• on Unix-like systems

    $HOME/.vimrc       <-- the file
    $HOME/.vim/        <-- the directory
  • on Windows

    $HOME\_vimrc       <-- the file
    $HOME\vimfiles\    <-- the directory

The layout above is guaranteed to work, now and in the future.

Vim 7.4 made it possible to keep your lovely vimrc inside your vim directory. It is really a good idea, if only because it makes it easier to move your config around.

If you use 7.4 exclusively, the following will be enough:

  • on Unix-like systems

  • on Windows


If you want the benefits of a self-contained vim/ but use both 7.4 and an older version, or only an older version, the simplest, future-proof, solution is to put this line and only this line:

runtime vimrc

in this file:

  • on Unix-like systems

  • on Windows


and do your configuration in $HOME/.vim/vimrc or $HOME\vimfiles\vimrc.


There are three kinds of options:

  • boolean options,
  • string options,
  • number options.

To check the value of an option,

  • use :set option? to check the value of an option,
  • use :verbose set option? to also see where it was last set.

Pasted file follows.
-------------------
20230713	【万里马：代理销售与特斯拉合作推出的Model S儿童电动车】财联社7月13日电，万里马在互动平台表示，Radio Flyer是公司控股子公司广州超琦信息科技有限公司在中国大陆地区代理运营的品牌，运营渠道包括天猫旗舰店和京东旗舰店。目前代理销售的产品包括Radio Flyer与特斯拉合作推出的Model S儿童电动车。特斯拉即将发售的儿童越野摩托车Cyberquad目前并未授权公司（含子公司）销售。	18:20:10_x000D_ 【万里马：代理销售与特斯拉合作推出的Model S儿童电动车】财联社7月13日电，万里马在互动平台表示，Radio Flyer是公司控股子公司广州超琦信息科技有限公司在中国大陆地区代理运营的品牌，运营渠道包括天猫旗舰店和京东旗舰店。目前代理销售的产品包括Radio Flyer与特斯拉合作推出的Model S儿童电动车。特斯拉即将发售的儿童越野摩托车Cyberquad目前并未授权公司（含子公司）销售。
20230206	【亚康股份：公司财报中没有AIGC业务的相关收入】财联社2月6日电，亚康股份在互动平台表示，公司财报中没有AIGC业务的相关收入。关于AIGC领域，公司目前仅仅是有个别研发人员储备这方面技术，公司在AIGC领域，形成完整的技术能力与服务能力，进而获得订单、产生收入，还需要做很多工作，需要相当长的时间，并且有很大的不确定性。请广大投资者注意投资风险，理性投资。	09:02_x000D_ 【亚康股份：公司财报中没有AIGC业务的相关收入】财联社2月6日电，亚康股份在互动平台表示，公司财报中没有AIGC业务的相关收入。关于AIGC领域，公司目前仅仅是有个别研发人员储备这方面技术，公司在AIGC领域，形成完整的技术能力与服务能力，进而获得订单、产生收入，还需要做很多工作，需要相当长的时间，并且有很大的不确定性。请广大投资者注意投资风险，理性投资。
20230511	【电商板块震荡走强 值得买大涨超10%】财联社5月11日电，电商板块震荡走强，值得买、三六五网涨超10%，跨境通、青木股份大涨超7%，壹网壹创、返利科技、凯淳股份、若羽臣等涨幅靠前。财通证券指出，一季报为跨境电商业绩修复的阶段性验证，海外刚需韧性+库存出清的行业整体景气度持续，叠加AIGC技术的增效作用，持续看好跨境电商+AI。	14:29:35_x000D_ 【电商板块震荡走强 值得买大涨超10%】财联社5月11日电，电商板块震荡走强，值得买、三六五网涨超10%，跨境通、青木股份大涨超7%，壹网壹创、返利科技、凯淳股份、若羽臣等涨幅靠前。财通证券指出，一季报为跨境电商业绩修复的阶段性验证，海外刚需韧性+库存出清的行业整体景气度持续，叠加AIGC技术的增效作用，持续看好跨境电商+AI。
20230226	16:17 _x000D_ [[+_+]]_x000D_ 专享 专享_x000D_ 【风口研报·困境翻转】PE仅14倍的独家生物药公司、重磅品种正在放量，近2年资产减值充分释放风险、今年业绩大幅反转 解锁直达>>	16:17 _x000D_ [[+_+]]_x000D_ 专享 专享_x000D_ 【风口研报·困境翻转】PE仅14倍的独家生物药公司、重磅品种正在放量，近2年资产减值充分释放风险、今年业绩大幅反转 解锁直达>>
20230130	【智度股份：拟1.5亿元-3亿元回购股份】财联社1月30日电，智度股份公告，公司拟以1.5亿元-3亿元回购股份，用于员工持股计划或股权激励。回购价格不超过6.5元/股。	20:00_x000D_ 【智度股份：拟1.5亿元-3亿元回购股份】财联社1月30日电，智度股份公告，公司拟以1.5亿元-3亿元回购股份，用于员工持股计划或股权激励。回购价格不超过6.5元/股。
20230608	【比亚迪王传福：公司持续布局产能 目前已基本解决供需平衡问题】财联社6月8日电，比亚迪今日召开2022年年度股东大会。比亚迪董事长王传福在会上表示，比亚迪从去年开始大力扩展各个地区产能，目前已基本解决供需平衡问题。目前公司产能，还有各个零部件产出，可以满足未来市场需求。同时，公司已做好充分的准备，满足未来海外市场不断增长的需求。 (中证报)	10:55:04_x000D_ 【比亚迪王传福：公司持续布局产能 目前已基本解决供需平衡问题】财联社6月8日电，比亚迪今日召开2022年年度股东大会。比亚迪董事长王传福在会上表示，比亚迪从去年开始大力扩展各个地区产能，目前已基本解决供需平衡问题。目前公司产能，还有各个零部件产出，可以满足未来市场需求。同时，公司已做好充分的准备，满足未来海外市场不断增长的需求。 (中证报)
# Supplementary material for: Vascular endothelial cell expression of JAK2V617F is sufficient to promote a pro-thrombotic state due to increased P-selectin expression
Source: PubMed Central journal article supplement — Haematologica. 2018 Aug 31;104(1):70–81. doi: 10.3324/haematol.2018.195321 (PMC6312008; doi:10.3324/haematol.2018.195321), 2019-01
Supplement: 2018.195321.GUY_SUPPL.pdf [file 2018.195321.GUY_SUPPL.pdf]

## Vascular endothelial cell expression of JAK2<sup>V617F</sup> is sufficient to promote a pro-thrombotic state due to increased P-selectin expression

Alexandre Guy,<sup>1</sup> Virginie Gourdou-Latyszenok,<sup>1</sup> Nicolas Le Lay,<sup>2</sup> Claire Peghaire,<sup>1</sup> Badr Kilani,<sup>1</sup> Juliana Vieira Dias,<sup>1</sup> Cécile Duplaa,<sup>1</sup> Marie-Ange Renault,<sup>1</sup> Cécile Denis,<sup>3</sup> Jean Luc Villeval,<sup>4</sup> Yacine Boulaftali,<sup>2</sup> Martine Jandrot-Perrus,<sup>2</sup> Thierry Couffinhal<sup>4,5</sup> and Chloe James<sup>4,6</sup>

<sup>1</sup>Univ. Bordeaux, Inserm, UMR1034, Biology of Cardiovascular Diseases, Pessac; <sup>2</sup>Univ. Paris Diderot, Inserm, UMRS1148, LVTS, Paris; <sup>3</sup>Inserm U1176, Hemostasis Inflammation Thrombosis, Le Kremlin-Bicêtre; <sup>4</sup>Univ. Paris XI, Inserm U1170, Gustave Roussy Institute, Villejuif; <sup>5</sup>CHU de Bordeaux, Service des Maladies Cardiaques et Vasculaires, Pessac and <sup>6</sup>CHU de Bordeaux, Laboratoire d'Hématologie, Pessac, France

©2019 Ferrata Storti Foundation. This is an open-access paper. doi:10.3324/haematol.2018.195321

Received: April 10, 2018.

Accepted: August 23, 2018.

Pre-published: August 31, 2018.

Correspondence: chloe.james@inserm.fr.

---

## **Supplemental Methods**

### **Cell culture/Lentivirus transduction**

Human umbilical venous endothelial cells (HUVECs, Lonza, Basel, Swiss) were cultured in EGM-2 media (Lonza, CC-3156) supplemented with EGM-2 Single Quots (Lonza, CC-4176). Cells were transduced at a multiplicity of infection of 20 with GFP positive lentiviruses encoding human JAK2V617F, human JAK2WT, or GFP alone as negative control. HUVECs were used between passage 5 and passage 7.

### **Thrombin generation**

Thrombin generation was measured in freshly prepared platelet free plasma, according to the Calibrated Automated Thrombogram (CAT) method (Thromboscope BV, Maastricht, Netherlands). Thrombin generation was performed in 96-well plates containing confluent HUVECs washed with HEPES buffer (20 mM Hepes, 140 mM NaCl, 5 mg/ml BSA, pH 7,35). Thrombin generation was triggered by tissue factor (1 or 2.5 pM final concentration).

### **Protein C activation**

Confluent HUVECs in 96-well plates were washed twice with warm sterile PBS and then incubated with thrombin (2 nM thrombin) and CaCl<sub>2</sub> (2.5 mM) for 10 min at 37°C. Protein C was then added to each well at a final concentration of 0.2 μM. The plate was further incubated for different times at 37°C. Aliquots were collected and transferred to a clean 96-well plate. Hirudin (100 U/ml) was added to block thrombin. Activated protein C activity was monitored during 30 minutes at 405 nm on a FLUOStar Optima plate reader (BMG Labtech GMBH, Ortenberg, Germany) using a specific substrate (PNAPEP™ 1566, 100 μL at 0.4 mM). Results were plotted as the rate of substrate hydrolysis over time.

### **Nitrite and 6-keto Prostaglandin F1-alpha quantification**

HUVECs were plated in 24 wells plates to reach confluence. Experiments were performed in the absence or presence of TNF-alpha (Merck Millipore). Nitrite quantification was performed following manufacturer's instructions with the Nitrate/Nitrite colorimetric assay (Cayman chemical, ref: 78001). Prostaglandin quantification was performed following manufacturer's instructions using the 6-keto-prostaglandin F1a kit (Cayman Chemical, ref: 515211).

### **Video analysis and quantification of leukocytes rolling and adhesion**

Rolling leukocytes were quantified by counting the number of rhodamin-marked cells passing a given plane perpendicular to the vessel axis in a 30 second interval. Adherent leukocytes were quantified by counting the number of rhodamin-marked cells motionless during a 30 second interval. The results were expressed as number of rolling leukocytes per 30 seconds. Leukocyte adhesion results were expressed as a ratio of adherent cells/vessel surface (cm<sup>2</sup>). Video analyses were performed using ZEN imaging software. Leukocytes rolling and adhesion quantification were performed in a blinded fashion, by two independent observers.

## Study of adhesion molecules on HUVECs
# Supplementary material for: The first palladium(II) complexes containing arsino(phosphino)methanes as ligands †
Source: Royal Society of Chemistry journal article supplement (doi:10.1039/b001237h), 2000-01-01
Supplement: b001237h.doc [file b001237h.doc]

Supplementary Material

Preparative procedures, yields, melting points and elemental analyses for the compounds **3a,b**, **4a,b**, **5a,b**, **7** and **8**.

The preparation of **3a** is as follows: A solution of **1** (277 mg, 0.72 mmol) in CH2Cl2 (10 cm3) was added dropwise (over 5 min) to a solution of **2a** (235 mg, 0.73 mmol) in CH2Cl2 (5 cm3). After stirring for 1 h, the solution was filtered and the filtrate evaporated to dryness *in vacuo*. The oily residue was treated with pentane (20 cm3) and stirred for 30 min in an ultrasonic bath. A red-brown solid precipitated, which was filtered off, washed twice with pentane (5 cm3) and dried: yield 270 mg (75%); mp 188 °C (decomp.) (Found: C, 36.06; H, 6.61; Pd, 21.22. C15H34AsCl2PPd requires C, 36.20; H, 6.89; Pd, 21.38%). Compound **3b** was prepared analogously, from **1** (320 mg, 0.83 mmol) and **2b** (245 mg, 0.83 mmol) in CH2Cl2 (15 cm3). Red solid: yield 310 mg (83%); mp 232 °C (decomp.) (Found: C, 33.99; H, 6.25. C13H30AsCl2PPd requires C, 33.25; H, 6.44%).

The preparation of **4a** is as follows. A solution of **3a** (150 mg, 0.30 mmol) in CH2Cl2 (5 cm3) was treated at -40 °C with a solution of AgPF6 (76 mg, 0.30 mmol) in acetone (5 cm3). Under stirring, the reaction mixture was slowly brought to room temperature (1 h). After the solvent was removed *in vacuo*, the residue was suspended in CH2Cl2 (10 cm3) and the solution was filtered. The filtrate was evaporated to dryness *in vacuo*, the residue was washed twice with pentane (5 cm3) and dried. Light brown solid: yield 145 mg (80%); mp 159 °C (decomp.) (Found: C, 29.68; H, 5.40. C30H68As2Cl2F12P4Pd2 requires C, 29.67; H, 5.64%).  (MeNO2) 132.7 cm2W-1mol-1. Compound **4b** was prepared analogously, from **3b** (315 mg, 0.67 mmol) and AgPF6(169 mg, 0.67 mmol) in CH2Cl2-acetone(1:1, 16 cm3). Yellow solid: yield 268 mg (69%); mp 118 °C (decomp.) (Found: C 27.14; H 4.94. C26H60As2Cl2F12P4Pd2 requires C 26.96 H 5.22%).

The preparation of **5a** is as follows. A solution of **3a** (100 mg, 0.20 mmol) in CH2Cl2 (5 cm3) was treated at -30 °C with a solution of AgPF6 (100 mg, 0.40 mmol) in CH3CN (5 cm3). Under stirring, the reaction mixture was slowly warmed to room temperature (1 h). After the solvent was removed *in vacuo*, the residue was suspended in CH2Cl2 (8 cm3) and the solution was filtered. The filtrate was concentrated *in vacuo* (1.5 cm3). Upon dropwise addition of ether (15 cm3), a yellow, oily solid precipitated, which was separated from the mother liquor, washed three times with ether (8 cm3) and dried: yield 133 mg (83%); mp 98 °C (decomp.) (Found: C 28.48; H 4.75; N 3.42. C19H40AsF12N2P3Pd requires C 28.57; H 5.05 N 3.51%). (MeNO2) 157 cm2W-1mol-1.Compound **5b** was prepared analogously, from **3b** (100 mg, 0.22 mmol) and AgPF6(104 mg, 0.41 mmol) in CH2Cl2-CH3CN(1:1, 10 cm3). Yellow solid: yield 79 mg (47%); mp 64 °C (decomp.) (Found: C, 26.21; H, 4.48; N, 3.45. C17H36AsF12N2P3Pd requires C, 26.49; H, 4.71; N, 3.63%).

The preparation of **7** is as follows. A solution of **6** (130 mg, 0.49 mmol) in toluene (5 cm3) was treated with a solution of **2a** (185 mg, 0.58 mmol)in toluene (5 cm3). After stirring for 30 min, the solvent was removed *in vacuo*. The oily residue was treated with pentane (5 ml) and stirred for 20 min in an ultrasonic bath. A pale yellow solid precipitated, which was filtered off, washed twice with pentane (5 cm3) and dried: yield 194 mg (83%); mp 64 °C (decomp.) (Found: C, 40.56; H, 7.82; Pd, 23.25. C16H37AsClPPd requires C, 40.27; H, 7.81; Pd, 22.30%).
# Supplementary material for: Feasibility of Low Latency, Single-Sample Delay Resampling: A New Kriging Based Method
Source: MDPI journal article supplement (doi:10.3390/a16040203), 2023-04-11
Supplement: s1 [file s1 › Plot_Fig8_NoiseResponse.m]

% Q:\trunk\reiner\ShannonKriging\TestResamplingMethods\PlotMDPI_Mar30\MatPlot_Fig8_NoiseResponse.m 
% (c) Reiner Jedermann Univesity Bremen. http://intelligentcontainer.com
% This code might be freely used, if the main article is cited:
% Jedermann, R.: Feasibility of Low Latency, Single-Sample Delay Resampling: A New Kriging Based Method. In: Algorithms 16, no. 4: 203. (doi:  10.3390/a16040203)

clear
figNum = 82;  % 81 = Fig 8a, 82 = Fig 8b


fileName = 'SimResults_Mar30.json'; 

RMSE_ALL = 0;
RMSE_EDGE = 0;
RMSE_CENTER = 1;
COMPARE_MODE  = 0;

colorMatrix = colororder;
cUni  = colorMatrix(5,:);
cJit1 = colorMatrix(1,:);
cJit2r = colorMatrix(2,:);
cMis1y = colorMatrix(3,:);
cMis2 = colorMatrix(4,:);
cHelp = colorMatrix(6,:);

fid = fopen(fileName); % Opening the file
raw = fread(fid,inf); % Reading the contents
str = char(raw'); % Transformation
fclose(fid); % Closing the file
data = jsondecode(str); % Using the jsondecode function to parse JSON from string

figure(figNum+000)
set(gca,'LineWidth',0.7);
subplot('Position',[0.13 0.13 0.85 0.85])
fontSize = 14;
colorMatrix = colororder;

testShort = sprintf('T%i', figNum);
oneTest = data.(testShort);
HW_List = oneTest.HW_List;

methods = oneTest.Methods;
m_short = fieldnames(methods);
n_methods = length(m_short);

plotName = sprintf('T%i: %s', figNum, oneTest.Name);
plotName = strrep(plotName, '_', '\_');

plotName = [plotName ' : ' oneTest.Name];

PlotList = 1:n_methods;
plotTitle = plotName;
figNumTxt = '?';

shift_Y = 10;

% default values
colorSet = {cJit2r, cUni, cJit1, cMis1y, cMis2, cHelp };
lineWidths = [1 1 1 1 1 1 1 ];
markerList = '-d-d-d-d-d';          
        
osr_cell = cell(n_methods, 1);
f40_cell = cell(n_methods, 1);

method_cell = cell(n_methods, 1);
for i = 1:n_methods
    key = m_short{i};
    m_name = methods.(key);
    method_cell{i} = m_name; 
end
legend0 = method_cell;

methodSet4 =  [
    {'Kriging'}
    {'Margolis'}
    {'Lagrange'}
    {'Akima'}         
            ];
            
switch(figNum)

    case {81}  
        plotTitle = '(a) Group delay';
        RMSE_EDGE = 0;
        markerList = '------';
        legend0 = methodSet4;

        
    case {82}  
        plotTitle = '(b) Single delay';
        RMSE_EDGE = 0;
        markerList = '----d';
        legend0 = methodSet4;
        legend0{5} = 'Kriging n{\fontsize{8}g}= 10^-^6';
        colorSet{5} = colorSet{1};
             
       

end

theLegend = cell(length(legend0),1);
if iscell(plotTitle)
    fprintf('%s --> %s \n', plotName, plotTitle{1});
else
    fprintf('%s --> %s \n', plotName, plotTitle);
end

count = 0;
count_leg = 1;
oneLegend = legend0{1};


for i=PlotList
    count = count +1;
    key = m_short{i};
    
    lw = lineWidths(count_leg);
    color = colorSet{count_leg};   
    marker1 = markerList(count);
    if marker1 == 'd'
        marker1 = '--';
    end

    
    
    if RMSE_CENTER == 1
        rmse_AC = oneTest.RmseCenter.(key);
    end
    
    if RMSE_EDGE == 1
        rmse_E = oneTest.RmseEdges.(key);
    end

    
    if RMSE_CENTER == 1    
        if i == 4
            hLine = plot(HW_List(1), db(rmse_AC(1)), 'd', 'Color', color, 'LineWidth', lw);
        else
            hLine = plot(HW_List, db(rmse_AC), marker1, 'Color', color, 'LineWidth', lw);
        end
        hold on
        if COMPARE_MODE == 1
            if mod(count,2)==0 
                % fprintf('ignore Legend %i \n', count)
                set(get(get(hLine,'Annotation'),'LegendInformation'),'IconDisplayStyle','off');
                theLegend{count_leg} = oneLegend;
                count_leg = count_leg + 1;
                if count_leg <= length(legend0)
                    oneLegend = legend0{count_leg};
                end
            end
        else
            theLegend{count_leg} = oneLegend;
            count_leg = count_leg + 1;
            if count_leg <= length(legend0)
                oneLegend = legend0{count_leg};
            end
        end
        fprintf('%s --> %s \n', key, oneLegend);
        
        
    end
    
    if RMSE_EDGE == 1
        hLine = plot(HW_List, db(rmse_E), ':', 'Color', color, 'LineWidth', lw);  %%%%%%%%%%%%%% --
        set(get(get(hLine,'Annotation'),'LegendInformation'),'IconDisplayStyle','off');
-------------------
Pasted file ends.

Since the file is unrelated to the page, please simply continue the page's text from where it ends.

Setting boolean options

set booloption      " Set booloption.
set nobooloption    " Unset booloption.

set booloption!     " Toggle booloption.

set booloption&     " Reset booloption to its default value.

Setting string options

set stroption=baz   " baz

set stroption+=buzz " baz,buzz
set stroption^=fizz " fizz,baz,buzz
set stroption-=baz  " fizz,buzz

set stroption=      " Unset stroption.

set stroption&      " Reset stroption to its default value.

Setting number options

set numoption=1     " 1

set numoption+=2    " 1 + 2 == 3
set numoption-=1    " 3 - 1 == 2
set numoption^=8    " 2 * 8 == 16

Using an expression as value

  • using concatenation:

    execute "set stroption=" . my_variable
  • using :let:

    let &stroption = my_variable